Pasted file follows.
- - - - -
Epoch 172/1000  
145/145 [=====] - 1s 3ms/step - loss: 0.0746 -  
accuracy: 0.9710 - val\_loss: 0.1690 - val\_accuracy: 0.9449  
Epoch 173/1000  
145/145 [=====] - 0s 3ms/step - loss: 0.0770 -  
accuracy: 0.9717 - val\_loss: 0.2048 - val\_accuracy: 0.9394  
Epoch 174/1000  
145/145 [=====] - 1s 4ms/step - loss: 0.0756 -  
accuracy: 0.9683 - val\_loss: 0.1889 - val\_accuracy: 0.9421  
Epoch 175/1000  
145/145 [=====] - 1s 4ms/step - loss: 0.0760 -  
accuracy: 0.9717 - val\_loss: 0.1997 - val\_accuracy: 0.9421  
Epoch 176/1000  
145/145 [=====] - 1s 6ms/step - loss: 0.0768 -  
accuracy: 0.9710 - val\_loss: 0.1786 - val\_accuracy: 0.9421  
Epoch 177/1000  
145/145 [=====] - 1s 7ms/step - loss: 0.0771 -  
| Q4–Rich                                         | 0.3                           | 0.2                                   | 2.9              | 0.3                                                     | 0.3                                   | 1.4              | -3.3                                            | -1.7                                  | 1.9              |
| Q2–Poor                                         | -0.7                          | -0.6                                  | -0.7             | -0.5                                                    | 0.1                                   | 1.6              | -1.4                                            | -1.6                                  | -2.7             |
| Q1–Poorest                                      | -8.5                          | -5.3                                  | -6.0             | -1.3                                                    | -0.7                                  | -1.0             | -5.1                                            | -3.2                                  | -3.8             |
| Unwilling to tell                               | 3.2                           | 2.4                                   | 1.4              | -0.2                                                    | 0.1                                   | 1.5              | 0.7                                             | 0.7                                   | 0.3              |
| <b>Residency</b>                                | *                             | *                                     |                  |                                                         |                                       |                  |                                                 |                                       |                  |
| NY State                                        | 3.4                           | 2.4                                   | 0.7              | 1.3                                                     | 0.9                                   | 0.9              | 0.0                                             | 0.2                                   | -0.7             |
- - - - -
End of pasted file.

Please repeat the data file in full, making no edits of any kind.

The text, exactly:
Epoch 172/1000  
145/145 [=====] - 1s 3ms/step - loss: 0.0746 -  
accuracy: 0.9710 - val\_loss: 0.1690 - val\_accuracy: 0.9449  
Epoch 173/1000  
145/145 [=====] - 0s 3ms/step - loss: 0.0770 -  
accuracy: 0.9717 - val\_loss: 0.2048 - val\_accuracy: 0.9394  
Epoch 174/1000  
145/145 [=====] - 1s 4ms/step - loss: 0.0756 -  
accuracy: 0.9683 - val\_loss: 0.1889 - val\_accuracy: 0.9421  
Epoch 175/1000  
145/145 [=====] - 1s 4ms/step - loss: 0.0760 -  
accuracy: 0.9717 - val\_loss: 0.1997 - val\_accuracy: 0.9421  
Epoch 176/1000  
145/145 [=====] - 1s 6ms/step - loss: 0.0768 -  
accuracy: 0.9710 - val\_loss: 0.1786 - val\_accuracy: 0.9421  
Epoch 177/1000  
145/145 [=====] - 1s 7ms/step - loss: 0.0771 -  
| Q4–Rich                                         | 0.3                           | 0.2                                   | 2.9              | 0.3                                                     | 0.3                                   | 1.4              | -3.3                                            | -1.7                                  | 1.9              |
| Q2–Poor                                         | -0.7                          | -0.6                                  | -0.7             | -0.5                                                    | 0.1                                   | 1.6              | -1.4                                            | -1.6                                  | -2.7             |
| Q1–Poorest                                      | -8.5                          | -5.3                                  | -6.0             | -1.3                                                    | -0.7                                  | -1.0             | -5.1                                            | -3.2                                  | -3.8             |
| Unwilling to tell                               | 3.2                           | 2.4                                   | 1.4              | -0.2                                                    | 0.1                                   | 1.5              | 0.7                                             | 0.7                                   | 0.3              |
| <b>Residency</b>                                | *                             | *                                     |                  |                                                         |                                       |                  |                                                 |                                       |                  |
| NY State                                        | 3.4                           | 2.4                                   | 0.7              | 1.3                                                     | 0.9                                   | 0.9              | 0.0                                             | 0.2                                   | -0.7             |